From TOP (Technologies Opportunities Program) Update Summer 2001 (Vol. 4, No. 3)
FACES OF TOP: ROGER HANSEN
Creating a Model for Managing a Scarce Resource
Many farmers in Utah have hailed Roger Hansen as a hero. However, he thinks of himself in more modest terms as he states, "I'm just one of a large number of individuals who are all very dedicated and have been working hard on the project." The project he refers to is in the Sevier River Basin, a large, self-contained watershed in central Utah. Critical to the basin's economy is irrigated agriculture. If crops are over-watered or under-watered, crop yields are reduced and water problems arise. The need to improve water management and help conditions along the upper and lower regions of the basin sparked a TOP-funded project to the Sevier River Water Users Association.
Hansen, who works for the Bureau of Reclamation, is the project director. The water users project employs solar powered automation and interactive real-time technologies to help manage water resources in the upper and lower regions of the Sevier River in Utah.
Technology Aids Water Users
The water users apply information technologies to manage their farms, water supplies, and improve emergency response. Prior to this project, if an area was hit with unexpected weather changes, the River Commission would have to travel to the local reservoir or water ditch to adjust the water flow. Since this project, the Commission can maintain a reasonable supply of water, regardless of weather, without having to travel to the reservoir or send out the "ditch rider."
The project not only helps water users, but also indirect users as well. The National Weather Service has asked the project to provide them with data to assist in their real-time weather monitoring system. The water users association also shares data they collect with the local airport. Many of the pilots and airport personnel use the data to help assess weather conditions.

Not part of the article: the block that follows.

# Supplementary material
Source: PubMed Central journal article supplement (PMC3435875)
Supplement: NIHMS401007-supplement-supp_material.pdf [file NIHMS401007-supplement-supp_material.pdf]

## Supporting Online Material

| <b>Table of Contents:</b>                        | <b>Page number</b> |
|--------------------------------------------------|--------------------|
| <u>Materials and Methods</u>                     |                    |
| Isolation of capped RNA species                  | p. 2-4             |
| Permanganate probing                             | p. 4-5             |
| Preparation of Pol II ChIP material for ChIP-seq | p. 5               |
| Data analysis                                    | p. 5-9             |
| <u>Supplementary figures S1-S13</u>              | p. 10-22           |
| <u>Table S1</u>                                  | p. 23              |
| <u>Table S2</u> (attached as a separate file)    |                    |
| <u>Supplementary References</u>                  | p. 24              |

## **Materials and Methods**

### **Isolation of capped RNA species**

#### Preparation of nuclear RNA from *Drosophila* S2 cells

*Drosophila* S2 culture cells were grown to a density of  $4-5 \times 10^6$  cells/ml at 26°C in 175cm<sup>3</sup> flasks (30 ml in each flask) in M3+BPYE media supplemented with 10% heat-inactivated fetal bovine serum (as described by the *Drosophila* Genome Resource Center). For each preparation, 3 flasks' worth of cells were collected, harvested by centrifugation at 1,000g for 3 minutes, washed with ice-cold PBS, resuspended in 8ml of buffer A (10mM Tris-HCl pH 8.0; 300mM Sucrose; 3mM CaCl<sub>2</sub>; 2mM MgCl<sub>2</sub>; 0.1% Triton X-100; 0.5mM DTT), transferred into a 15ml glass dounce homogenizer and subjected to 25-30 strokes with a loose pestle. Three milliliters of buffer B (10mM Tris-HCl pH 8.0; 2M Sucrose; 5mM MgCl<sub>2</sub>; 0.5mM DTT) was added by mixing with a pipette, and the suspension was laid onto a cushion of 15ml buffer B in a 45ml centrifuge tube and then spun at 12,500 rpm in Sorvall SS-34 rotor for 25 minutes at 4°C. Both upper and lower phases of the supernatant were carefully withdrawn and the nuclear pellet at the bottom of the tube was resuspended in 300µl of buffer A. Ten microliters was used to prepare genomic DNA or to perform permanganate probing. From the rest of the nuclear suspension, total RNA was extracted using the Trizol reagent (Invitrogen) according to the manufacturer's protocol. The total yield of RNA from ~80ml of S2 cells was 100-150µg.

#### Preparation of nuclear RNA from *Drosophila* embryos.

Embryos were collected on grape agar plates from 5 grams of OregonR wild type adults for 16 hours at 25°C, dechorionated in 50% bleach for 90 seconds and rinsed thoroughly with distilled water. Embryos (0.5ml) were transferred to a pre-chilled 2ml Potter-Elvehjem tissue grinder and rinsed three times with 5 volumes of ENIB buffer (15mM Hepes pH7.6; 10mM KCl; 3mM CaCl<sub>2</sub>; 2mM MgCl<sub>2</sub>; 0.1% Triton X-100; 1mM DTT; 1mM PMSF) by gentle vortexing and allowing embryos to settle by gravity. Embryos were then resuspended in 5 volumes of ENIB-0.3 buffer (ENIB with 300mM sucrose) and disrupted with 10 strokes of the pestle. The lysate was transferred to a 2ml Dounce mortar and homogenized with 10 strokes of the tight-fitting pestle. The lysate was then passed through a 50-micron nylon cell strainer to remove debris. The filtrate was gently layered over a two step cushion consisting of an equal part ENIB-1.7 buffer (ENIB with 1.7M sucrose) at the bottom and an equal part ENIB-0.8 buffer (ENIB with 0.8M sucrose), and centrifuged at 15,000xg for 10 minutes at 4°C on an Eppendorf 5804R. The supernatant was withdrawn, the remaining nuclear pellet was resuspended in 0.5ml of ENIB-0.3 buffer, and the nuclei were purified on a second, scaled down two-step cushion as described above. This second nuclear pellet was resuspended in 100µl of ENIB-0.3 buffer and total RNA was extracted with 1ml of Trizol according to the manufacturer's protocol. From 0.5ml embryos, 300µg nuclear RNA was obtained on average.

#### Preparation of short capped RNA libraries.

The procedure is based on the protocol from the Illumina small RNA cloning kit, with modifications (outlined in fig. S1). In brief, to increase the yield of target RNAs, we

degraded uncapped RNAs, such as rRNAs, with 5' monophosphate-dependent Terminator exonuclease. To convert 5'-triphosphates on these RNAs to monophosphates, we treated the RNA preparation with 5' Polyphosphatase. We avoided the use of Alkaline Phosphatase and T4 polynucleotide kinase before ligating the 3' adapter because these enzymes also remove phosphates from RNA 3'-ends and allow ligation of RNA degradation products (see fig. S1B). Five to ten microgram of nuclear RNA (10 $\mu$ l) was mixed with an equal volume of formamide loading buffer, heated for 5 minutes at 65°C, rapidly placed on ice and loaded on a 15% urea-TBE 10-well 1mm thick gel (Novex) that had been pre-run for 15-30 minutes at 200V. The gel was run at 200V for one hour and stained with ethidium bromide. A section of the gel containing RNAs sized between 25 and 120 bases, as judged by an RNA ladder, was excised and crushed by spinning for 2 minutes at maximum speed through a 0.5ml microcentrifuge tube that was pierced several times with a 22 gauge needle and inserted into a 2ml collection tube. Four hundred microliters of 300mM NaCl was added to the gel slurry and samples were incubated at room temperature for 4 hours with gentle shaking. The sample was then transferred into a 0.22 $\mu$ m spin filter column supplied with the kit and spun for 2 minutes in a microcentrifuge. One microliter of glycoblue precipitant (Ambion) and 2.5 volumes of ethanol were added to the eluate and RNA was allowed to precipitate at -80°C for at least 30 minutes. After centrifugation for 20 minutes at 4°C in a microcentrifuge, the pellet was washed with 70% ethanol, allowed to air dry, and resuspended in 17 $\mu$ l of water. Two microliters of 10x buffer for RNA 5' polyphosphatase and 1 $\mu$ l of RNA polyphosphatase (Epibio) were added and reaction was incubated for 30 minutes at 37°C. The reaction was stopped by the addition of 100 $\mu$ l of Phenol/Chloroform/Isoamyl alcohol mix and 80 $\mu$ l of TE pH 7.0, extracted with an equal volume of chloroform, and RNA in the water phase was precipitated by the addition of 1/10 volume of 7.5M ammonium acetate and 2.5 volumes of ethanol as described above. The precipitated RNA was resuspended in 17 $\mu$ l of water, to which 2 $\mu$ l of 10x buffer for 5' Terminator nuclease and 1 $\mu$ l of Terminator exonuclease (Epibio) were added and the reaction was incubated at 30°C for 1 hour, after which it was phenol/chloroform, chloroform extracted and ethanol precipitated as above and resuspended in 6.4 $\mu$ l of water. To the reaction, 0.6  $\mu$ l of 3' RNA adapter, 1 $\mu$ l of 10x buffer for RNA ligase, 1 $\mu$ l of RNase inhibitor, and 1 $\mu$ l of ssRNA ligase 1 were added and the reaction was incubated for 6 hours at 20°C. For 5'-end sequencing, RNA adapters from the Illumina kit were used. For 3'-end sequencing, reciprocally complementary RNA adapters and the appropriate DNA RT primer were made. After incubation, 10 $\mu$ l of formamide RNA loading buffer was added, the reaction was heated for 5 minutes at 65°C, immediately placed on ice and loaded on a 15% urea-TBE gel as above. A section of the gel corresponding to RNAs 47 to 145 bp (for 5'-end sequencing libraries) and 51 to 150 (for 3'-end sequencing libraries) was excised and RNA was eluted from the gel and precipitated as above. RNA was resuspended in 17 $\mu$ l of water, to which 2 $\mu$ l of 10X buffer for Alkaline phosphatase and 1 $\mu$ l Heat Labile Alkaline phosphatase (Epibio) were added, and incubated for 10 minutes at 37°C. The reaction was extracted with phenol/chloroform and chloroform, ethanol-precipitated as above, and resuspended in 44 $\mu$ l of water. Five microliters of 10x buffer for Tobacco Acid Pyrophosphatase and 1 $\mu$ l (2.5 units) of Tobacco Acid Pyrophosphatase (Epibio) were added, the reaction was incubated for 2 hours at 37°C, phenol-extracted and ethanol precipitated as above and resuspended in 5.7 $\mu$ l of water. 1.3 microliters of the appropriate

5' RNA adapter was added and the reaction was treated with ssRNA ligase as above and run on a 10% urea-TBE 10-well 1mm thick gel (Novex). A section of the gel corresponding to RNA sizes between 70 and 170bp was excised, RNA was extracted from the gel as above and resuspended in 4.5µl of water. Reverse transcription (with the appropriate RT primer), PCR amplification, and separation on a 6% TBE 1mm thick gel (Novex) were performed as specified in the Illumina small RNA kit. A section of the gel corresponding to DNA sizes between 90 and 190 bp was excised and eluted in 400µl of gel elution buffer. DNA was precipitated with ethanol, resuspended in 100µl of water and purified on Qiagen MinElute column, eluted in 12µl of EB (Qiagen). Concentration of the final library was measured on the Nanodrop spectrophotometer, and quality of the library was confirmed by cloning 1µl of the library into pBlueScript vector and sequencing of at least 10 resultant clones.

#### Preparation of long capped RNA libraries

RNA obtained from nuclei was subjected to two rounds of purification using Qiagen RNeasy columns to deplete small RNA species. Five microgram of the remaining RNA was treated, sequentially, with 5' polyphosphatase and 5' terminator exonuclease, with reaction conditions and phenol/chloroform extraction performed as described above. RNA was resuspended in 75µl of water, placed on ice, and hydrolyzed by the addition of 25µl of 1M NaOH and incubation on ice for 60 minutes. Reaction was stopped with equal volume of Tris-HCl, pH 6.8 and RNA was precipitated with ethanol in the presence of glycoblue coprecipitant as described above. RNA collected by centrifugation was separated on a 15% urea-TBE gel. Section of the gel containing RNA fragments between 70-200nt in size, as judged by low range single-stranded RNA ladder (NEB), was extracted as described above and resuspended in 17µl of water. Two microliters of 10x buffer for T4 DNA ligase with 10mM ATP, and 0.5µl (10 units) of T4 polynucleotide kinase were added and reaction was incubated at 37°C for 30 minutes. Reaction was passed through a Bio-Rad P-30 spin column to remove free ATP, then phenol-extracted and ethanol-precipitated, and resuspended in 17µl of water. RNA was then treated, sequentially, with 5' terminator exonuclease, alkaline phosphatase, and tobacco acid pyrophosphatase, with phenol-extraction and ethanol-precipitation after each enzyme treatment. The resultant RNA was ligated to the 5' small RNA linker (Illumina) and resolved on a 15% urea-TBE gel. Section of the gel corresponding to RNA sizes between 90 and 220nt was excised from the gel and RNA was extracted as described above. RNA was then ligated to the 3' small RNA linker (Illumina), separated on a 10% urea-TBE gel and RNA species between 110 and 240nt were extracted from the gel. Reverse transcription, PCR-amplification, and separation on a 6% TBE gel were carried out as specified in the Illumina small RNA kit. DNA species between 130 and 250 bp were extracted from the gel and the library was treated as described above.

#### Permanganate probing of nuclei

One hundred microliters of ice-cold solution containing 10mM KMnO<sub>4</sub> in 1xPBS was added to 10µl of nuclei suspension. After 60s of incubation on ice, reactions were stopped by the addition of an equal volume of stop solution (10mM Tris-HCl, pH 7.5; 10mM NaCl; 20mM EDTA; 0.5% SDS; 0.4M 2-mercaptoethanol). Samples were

How does this project "really" happen? In one instance, canals at the end of the open channel systems frequently have trouble maintaining a consistent and reliable water supply. With automation and real-time technology, the river commission can maintain a reliable flow of water
to all users. The water users apply the technology to better manage their farms and water supplies, and to share data with primary and secondary users in Utah.
Hansen alludes to the future uses of the project such as using real-time information to help with tourism since boaters and hikers rely on the river's weather and water levels. The technologies used in the project can assist with public safety, provide better advisories of lightning and flash flood threats. Overall, the project represents an environmentally sound option for improving the quality of life and the local economy. The real-time transmission of data "has helped develop trust between all users of the river system," says Hansen. TOP's Judy Sparrow agrees: "The project has proved its value to end users by delivering water with more accuracy, and providing a better understanding of what happens in the river and canal systems."
The project is a collaborative effort among many partners, including Bureau of Reclamation, Stone Fly Technologies, Utah State University, National Weather Service, and Sevier River Canal companies. Connecting over 40 data collection and automation sites, a diverse real-time data system network helps the basin in many ways. Technology such as solar powered automation, secured wireless communications networks, and interactive real-time websites will help improve the economy of the river basin area, improve public safety by providing more timely emergency information, and enhance cultural resources and lifelong learning opportunities.